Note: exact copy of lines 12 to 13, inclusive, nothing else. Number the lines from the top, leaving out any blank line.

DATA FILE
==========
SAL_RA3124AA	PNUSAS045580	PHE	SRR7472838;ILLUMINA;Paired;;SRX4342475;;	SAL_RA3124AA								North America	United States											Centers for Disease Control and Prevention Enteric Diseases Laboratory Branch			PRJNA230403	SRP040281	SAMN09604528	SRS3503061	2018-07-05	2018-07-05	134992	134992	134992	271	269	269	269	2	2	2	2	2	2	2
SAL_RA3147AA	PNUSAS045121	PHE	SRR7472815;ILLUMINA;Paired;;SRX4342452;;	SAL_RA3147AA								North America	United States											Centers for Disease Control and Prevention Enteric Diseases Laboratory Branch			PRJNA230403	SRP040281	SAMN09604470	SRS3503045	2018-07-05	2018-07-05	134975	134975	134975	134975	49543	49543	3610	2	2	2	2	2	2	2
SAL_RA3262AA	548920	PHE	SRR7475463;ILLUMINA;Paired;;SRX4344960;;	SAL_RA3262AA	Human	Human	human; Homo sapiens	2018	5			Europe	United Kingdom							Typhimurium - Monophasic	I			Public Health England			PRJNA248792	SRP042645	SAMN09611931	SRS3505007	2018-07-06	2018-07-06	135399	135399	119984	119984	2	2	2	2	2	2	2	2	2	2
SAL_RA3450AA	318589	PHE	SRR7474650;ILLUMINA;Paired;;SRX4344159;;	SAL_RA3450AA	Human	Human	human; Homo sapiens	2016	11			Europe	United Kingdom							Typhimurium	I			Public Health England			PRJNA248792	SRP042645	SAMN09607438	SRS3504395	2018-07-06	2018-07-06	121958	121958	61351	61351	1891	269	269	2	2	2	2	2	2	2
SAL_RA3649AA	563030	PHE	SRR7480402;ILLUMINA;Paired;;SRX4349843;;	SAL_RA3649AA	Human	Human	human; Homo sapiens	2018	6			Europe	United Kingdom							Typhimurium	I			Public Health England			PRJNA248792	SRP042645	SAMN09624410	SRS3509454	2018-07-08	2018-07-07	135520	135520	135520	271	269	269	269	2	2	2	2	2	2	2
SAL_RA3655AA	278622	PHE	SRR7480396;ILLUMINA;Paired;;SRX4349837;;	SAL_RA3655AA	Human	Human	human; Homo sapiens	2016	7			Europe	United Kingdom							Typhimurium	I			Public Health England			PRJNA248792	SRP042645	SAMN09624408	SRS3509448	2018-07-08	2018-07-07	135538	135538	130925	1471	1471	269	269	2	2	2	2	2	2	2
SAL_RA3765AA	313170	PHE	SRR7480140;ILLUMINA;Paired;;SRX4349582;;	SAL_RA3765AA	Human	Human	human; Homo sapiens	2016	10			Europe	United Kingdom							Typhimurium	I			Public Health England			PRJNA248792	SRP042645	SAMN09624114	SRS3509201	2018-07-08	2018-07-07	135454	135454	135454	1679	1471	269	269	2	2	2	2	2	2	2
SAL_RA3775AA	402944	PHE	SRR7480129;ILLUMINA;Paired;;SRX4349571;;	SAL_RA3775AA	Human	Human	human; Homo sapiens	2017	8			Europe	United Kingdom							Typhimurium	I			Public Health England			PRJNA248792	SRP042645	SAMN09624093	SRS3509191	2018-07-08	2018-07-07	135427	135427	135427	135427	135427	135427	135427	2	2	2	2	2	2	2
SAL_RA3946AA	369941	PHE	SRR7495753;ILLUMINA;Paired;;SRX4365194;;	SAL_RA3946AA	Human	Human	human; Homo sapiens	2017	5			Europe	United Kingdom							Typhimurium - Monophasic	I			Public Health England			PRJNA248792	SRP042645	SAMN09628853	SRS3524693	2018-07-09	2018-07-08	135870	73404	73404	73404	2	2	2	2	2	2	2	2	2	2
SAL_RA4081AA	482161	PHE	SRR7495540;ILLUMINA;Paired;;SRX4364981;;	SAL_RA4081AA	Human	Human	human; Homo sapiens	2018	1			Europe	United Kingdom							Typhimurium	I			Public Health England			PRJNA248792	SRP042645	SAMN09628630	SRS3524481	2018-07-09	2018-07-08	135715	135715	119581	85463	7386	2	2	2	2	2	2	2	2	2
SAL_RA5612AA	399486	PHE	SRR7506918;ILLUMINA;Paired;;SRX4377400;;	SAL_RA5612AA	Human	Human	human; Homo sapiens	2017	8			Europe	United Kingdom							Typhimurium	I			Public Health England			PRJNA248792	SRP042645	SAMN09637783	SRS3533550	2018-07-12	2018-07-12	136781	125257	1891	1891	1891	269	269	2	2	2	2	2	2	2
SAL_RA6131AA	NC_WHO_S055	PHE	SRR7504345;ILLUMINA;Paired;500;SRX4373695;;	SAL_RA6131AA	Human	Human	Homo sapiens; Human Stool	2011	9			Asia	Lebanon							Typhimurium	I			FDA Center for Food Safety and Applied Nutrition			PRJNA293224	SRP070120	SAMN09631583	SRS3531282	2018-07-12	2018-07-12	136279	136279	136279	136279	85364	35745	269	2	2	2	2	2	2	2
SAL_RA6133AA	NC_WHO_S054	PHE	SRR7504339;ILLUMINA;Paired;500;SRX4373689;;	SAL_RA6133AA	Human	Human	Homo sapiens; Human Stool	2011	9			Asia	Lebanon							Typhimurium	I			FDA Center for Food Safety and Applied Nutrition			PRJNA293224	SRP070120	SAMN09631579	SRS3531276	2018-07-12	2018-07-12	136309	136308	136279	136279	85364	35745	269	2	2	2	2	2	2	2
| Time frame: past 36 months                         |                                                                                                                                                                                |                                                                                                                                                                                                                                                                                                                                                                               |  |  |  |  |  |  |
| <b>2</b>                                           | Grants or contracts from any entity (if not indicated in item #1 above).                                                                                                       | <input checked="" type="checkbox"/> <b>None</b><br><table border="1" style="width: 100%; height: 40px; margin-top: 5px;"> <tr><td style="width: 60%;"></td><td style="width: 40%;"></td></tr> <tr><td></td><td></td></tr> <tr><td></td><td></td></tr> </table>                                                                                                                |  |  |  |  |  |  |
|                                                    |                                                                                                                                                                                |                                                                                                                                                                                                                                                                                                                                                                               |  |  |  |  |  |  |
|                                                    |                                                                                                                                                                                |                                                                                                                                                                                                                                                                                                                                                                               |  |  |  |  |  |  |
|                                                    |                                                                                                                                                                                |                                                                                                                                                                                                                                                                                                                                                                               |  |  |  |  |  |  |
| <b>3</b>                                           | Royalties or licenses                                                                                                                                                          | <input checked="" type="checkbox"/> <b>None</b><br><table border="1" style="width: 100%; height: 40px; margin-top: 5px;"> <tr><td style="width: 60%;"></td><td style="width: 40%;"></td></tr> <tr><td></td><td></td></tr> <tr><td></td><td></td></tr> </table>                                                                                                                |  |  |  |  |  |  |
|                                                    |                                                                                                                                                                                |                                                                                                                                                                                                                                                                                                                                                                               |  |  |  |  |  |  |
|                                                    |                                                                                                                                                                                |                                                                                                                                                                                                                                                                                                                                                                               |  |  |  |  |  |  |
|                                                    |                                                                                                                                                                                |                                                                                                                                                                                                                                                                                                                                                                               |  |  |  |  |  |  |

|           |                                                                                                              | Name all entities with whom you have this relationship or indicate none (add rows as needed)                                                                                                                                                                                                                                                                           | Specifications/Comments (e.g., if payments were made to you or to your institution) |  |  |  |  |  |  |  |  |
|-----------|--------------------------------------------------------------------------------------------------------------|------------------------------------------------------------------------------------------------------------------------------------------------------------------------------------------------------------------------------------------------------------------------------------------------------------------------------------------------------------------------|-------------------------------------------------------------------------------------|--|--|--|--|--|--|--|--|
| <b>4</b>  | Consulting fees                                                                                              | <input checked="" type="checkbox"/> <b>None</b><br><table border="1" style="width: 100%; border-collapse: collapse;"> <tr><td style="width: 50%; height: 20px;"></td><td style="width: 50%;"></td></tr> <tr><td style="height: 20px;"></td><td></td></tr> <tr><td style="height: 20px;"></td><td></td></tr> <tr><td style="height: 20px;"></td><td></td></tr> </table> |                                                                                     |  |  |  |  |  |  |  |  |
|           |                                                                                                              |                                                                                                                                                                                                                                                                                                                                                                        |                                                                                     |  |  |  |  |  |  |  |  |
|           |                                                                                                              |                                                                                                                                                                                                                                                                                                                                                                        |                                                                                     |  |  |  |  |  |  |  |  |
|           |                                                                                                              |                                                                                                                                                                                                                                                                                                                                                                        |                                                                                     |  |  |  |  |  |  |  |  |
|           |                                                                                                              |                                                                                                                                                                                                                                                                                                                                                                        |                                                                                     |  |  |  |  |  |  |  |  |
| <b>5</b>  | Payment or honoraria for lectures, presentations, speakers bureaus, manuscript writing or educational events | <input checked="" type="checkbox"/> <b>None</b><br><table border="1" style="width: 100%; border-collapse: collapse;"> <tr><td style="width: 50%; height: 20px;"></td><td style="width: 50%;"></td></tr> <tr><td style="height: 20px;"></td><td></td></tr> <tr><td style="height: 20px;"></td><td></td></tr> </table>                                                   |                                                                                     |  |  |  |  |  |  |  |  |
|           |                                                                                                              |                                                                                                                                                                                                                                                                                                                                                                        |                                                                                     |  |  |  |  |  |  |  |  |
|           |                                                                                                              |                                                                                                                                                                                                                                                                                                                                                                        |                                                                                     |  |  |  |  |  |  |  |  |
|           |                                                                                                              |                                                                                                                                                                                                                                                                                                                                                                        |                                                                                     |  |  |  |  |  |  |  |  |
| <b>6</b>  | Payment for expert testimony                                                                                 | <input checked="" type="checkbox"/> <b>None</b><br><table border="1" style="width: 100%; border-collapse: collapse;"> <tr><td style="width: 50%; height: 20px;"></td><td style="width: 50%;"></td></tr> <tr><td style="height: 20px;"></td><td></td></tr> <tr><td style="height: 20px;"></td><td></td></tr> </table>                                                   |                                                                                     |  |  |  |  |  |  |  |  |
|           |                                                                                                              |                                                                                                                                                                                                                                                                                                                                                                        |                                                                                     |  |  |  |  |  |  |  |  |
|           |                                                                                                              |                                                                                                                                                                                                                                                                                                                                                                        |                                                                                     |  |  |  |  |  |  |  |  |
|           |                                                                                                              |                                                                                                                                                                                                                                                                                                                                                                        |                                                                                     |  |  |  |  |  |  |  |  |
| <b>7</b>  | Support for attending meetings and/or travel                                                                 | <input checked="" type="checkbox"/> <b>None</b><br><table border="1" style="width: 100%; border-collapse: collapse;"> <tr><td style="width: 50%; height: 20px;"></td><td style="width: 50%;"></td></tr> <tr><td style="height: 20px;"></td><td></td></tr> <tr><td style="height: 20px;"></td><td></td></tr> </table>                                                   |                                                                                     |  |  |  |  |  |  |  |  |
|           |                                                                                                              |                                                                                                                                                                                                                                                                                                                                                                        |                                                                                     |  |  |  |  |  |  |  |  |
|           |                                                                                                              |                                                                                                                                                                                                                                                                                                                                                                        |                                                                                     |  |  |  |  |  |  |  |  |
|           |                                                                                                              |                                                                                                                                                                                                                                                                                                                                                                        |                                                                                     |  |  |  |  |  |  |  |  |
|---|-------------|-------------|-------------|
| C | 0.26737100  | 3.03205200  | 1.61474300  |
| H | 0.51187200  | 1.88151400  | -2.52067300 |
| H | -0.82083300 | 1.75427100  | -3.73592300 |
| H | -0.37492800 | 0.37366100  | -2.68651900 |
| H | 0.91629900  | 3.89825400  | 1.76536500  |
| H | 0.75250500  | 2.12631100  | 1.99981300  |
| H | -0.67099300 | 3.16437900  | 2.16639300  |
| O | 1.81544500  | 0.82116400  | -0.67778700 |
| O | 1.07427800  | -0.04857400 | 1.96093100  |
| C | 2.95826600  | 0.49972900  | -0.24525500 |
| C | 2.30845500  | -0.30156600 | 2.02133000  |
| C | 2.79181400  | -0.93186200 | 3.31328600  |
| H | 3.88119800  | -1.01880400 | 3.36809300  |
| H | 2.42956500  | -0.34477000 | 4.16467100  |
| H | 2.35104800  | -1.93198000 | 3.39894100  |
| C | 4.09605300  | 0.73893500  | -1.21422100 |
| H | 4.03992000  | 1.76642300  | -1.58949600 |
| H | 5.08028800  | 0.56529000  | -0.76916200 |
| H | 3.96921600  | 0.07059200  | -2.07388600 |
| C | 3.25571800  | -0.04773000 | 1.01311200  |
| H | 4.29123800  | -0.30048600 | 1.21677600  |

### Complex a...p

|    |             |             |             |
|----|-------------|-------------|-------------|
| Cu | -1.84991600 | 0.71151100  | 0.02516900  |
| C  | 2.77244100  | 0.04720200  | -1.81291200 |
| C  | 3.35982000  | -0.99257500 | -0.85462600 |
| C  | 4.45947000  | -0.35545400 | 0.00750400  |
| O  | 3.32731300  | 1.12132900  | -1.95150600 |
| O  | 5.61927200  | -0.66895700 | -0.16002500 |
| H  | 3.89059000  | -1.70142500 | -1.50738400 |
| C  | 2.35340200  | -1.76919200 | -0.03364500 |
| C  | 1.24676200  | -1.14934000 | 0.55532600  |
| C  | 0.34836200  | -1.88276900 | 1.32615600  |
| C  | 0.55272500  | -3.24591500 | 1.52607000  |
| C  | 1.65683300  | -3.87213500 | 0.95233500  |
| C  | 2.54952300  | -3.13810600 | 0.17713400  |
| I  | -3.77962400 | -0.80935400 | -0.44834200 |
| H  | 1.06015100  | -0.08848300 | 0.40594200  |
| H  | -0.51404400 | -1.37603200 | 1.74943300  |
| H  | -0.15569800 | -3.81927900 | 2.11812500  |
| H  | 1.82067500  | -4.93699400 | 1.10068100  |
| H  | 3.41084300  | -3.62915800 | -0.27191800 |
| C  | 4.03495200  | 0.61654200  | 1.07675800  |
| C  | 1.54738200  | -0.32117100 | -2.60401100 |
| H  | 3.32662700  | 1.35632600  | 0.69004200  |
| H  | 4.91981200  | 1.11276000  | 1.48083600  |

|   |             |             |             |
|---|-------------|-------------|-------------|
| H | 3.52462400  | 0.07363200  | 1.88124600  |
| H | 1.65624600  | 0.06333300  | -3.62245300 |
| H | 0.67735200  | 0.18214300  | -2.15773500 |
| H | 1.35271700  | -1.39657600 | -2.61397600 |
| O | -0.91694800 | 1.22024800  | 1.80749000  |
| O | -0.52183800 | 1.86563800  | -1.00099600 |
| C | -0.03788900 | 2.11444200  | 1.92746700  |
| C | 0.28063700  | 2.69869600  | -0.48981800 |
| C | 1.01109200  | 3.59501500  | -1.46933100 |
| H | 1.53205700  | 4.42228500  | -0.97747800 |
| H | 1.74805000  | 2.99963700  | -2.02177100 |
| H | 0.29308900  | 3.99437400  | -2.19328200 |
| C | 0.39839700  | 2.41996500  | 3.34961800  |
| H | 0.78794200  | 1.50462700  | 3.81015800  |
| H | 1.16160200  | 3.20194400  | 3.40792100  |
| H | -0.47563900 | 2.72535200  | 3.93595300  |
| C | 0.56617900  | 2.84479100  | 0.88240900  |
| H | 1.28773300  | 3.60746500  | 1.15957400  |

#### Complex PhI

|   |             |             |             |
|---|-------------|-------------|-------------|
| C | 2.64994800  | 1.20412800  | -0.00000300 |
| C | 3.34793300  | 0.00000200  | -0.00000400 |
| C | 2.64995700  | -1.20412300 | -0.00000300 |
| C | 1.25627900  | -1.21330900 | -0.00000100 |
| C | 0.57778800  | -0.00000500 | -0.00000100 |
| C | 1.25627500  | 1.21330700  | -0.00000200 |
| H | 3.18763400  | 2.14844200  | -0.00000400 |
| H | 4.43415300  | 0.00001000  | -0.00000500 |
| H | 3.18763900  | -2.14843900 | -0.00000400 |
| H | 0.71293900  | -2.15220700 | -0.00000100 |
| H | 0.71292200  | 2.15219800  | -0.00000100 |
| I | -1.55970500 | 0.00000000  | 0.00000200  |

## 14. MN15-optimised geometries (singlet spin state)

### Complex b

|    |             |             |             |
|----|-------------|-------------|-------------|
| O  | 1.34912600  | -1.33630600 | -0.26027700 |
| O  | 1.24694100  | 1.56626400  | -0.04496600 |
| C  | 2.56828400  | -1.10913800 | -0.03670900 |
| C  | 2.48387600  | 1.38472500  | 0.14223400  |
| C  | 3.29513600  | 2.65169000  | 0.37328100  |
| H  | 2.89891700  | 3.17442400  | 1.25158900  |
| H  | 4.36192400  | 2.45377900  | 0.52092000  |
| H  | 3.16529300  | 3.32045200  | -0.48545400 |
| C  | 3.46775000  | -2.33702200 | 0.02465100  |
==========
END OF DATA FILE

SAL_RA6131AA	NC_WHO_S055	PHE	SRR7504345;ILLUMINA;Paired;500;SRX4373695;;	SAL_RA6131AA	Human	Human	Homo sapiens; Human Stool	2011	9			Asia	Lebanon							Typhimurium	I			FDA Center for Food Safety and Applied Nutrition			PRJNA293224	SRP070120	SAMN09631583	SRS3531282	2018-07-12	2018-07-12	136279	136279	136279	136279	85364	35745	269	2	2	2	2	2	2	2
SAL_RA6133AA	NC_WHO_S054	PHE	SRR7504339;ILLUMINA;Paired;500;SRX4373689;;	SAL_RA6133AA	Human	Human	Homo sapiens; Human Stool	2011	9			Asia	Lebanon							Typhimurium	I			FDA Center for Food Safety and Applied Nutrition			PRJNA293224	SRP070120	SAMN09631579	SRS3531276	2018-07-12	2018-07-12	136309	136308	136279	136279	85364	35745	269	2	2	2	2	2	2	2